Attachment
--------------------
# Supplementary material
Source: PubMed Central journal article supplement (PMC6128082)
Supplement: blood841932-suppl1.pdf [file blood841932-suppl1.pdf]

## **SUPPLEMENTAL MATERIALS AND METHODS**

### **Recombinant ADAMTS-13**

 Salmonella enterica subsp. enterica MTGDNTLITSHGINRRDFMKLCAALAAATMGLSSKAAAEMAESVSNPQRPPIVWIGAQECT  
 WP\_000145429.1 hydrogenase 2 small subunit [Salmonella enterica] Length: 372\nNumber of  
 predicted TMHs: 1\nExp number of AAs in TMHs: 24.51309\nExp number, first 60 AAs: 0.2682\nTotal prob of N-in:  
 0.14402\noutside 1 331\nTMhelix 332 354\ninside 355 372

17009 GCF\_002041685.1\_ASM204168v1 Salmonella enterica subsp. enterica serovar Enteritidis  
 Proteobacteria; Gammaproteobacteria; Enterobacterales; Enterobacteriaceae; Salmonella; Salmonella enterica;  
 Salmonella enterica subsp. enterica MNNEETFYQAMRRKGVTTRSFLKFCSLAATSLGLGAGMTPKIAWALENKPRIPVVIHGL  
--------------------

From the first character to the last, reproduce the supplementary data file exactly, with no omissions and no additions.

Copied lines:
# Supplementary material
Source: PubMed Central journal article supplement (PMC6128082)
Supplement: blood841932-suppl1.pdf [file blood841932-suppl1.pdf]

## **SUPPLEMENTAL MATERIALS AND METHODS**

### **Recombinant ADAMTS-13**

 Salmonella enterica subsp. enterica MTGDNTLITSHGINRRDFMKLCAALAAATMGLSSKAAAEMAESVSNPQRPPIVWIGAQECT  
 WP\_000145429.1 hydrogenase 2 small subunit [Salmonella enterica] Length: 372\nNumber of  
 predicted TMHs: 1\nExp number of AAs in TMHs: 24.51309\nExp number, first 60 AAs: 0.2682\nTotal prob of N-in:  
 0.14402\noutside 1 331\nTMhelix 332 354\ninside 355 372

17009 GCF\_002041685.1\_ASM204168v1 Salmonella enterica subsp. enterica serovar Enteritidis  
 Proteobacteria; Gammaproteobacteria; Enterobacterales; Enterobacteriaceae; Salmonella; Salmonella enterica;  
 Salmonella enterica subsp. enterica MNNEETFYQAMRRKGVTTRSFLKFCSLAATSLGLGAGMTPKIAWALENKPRIPVVIHGL  